Why Do Cats Groom Themselves So Much?

Tara Hall

Veterinarians estimate that felines spend up to 50 percent of their waking time grooming -- that's roughly four to six hours each day! Does that surprise cat owners? Likely not. Kitties commonly share the love, licking those they care about -- both fur and human friends -- with their naturally barbed tongues. Those barbs, officially known as papillae, create that unique sandpaper feel and make it easier to collect dirt and hair during grooming. Cats spend significant amounts of time keeping their fur clean, but what drives them to do so? There are several reasons for their intrinsic routine of self-care.

To Protect Themselves From Predators

Like other animals, cats possess an instinctual drive to survive, and that includes reducing the chances of falling victim to predators. For this reason, cats groom regularly to remove odors that others might pick up on. Have you ever noticed that your feline bathes shortly after a petting session? With a sense of smell that's approximately 14 times stronger than that of the human nose, cats can pick up scents we can't, including our own. Experts suspect that's at least part of the explanation behind their post-petting bath -- to remove the stench we left on them.

To Cool Down

Unlike humans, felines have a minimal ability to sweat; the majority of sweat glands are located around the paw pads. The rest of their body helps stay cool thanks to the process of saliva evaporation on their fur. This helps maintain body temperature and accounts for approximately a third of a cat's cooling process.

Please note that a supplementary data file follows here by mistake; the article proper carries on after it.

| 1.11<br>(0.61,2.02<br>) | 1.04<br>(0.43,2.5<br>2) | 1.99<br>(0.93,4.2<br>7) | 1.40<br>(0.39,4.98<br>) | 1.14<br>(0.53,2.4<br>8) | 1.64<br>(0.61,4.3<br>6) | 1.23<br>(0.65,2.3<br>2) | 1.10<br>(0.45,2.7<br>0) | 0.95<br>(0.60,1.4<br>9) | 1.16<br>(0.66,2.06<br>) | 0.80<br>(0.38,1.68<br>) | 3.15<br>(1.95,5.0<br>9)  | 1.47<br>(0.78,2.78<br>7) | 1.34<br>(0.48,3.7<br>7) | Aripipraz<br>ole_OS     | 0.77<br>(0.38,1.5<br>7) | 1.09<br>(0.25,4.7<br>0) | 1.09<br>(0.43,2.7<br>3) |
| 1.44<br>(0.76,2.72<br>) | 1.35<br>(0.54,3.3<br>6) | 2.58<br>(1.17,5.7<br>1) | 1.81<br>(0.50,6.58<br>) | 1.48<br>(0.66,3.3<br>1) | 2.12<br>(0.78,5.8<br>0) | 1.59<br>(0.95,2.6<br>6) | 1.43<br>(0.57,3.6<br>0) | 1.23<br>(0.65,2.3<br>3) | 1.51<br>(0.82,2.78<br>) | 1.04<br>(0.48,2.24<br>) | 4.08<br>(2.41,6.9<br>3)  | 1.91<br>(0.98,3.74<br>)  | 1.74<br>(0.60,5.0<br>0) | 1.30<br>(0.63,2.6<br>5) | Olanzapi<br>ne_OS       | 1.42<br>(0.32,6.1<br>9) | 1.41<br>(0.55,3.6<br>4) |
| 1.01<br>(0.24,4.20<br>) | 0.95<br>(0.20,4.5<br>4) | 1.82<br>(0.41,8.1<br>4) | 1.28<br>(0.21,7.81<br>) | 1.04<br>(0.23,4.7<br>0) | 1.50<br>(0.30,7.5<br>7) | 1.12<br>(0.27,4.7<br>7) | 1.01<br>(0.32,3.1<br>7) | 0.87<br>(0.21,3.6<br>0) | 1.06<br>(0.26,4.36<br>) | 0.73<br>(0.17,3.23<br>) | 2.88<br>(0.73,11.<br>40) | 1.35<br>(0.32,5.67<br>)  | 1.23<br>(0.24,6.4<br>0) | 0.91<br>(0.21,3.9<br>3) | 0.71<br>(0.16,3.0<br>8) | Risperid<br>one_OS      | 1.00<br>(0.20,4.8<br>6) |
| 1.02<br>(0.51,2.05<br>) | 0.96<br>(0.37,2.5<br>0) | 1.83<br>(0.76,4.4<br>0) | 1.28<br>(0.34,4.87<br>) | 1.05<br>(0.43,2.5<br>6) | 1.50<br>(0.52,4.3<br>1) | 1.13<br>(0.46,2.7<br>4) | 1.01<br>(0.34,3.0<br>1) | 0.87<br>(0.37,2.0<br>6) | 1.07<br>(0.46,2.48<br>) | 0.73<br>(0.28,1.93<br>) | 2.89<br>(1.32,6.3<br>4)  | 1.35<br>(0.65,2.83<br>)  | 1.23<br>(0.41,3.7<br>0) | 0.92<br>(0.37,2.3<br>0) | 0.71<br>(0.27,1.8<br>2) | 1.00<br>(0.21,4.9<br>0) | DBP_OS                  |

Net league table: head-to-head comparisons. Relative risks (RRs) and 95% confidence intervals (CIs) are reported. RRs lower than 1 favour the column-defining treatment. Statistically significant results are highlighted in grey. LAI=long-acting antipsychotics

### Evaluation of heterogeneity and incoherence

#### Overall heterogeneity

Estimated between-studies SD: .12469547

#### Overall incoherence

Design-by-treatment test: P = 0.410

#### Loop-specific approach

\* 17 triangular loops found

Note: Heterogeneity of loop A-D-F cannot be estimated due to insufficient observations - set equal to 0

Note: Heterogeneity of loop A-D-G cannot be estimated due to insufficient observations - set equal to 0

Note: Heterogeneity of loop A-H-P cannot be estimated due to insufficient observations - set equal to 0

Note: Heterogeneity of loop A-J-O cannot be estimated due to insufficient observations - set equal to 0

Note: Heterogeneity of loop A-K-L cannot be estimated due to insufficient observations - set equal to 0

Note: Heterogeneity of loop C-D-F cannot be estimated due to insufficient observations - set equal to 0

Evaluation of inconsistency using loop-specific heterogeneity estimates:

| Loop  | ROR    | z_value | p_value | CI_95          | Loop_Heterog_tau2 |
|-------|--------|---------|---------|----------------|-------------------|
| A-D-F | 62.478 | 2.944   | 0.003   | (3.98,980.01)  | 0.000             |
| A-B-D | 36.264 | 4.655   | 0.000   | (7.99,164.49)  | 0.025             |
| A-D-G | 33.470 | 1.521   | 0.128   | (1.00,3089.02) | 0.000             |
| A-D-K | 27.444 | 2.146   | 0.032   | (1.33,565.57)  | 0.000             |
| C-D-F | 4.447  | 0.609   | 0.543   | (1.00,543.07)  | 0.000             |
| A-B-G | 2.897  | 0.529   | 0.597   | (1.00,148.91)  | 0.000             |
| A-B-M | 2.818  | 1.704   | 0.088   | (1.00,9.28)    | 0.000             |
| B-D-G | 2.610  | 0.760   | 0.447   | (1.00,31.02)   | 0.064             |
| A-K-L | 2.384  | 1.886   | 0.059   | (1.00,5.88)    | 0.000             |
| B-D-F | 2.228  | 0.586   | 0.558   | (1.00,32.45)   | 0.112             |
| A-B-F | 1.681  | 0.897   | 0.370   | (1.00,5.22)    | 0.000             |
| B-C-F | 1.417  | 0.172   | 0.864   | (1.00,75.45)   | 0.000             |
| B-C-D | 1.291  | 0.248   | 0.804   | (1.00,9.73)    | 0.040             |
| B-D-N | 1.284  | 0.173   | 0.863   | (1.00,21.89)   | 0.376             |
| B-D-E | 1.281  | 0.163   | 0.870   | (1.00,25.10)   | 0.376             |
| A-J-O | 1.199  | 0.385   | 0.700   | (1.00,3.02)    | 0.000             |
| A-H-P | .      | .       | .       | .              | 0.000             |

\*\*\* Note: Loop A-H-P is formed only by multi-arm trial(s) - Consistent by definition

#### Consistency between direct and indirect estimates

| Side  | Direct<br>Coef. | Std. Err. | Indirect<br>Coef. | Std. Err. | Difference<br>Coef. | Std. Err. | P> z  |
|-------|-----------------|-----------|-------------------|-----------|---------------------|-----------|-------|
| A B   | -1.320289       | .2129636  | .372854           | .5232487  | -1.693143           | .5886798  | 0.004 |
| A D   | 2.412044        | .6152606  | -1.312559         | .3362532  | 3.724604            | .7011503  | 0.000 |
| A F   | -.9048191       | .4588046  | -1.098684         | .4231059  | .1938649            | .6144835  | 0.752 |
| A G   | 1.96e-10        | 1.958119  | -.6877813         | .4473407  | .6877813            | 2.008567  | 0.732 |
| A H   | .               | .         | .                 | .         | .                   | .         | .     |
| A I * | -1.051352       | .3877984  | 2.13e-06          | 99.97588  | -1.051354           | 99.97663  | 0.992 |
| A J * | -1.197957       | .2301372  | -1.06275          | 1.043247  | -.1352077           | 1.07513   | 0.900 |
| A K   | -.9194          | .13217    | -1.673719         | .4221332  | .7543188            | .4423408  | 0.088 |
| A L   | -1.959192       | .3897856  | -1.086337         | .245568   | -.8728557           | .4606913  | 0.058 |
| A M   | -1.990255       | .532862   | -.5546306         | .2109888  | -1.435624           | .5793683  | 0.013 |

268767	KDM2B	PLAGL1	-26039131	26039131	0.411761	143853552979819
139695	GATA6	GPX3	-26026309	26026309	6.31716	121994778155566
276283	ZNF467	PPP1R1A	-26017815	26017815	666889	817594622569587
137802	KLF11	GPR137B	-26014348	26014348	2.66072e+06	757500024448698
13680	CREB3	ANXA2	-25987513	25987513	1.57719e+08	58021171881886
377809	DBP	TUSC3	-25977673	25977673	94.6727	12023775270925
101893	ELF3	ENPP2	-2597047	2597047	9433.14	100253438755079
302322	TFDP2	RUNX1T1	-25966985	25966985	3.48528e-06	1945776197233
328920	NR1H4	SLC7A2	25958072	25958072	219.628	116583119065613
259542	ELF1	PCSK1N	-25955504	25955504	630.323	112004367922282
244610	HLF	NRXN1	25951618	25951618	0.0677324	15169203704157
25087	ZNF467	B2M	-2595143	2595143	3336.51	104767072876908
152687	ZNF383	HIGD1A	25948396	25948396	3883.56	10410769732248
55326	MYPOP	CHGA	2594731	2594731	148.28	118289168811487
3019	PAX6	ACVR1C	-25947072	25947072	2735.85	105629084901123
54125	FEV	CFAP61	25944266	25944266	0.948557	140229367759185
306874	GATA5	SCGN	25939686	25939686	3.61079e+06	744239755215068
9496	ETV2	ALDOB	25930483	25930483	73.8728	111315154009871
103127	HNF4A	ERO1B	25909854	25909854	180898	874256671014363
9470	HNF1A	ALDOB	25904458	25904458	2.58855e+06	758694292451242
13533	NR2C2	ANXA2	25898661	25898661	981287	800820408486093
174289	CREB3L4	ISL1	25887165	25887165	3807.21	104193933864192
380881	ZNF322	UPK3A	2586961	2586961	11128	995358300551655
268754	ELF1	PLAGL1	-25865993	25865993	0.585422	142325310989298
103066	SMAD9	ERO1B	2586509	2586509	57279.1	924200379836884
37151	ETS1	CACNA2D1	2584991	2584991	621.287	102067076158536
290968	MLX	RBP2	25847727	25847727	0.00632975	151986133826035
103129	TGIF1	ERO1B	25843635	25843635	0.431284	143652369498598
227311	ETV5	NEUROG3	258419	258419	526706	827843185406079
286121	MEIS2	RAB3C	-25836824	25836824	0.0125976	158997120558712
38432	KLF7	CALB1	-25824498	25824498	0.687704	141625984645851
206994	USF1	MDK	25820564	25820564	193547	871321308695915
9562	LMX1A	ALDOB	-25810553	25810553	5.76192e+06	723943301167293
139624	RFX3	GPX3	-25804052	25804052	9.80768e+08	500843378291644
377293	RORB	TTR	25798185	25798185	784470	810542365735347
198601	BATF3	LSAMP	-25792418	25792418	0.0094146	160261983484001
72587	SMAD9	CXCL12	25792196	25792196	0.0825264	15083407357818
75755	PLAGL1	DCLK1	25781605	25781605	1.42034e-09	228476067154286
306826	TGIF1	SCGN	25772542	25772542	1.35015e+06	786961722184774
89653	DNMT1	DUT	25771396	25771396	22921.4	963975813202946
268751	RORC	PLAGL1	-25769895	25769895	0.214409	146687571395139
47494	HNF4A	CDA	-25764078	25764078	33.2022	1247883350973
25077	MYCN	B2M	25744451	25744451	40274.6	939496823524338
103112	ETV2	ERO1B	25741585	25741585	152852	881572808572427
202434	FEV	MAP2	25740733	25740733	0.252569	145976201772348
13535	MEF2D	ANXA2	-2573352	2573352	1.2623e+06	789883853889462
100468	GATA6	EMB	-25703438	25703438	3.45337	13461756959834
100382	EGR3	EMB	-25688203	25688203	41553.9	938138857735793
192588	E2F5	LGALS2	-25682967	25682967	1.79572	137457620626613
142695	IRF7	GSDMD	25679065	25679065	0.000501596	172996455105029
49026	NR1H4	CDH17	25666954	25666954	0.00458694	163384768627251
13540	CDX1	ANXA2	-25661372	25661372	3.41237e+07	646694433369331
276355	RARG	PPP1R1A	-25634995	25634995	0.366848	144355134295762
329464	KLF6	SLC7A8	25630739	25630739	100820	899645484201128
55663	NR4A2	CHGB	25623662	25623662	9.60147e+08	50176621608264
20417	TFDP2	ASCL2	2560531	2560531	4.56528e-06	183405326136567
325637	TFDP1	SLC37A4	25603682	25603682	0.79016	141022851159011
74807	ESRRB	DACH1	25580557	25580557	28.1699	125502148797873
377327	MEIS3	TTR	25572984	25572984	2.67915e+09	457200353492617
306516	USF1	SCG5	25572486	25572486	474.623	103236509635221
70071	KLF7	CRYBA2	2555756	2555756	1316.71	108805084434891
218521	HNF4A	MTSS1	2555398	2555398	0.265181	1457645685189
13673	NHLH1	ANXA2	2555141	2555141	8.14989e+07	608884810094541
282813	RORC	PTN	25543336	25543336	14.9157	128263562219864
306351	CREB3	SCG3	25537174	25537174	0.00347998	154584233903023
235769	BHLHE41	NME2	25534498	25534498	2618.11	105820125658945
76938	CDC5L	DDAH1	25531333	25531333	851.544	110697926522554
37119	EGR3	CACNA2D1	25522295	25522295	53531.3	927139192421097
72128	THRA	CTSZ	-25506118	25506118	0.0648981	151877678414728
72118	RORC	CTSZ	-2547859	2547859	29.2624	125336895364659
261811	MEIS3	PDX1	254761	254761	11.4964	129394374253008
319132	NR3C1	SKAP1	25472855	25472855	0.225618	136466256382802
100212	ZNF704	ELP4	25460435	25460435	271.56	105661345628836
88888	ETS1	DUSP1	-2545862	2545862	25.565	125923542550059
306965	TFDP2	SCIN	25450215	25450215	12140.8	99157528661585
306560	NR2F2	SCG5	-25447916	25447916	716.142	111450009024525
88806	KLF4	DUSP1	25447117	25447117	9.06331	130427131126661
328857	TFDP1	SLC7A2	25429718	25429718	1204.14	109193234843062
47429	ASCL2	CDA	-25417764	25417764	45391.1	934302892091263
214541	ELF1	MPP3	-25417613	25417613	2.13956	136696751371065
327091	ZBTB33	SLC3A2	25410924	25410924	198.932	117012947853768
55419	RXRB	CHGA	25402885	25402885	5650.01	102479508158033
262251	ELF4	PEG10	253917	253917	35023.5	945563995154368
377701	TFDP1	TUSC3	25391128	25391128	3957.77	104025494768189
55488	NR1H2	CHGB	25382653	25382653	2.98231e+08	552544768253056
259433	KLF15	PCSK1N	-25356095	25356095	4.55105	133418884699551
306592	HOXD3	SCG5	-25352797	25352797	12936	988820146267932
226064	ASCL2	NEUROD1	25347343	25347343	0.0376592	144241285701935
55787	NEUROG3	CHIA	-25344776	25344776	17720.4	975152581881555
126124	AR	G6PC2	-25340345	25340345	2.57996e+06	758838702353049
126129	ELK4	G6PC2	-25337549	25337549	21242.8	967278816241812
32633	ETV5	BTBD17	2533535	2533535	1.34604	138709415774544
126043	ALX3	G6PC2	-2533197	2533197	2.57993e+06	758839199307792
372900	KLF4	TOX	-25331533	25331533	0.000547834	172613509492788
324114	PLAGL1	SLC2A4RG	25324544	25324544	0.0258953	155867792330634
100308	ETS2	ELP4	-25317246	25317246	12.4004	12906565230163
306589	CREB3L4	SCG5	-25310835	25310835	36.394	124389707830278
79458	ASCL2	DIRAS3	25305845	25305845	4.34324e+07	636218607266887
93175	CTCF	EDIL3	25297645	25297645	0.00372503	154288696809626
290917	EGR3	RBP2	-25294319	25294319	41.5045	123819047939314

To Be Comfortable

What's your favorite coping mechanism when you're stressed or under pressure? Obsessive cleaning? Organizing? Shopping? For cats, it's grooming. If they're anxious, frustrated or dealing with conflict, felines will often turn to habitual self-cleaning for the psychologically soothing benefits. When in doubt, cats clean.

To Stay Clean

At the most basic level, the purpose of cat grooming is hygiene. The barbs on the tongue are great at dislodging dirt from cats' dense hair, as well as removing loose hair from the body. One downfall of this useful tongue design? Because the barbs are backward-facing, cats are much more likely to swallow whatever they remove from their body, leading to the all-too-common hairball issue. To help reduce hairballs with your kitty, comb your cat's fur regularly. The loose hair you're able to remove is that much more that your whiskered one won't be swallowing.

To Stimulate Blood Flow and Hair Growth

Those tongue barbs provide another advantage: They naturally massage the skin. Like the bristles of a hairbrush massage your scalp, a cat's bristle-like barbs improve circulation and encourage hair growth.

To Show Affection to Others

Felines don't just groom themselves; they often reach out and lick their best friends as well. Consider it a sign of friendship and trust, much like humans hug or kiss. Cats preening each other begins early in life, first starting out between mother and kittens, as well as among littermates. This friendly behavior is also commonly seen between cats in the same household and is thought to help create bonds in that environment.

Think There's Too Much Grooming Going On?

It's entirely possible. If you see signs of excessive grooming, such as patches of missing fur, take your furry baby to the vet for a professional evaluation. Issues like hyperthyroidism and food allergies can cause cats to groom more than necessary, as well as more minor concerns like dry skin and boredom.


About the Author
Tara Hall is an animal-loving writer and editor based in Austin, Texas. Her portfolio runs the gamut from small business marketing content to travel writing, fashion editorial and national music coverage.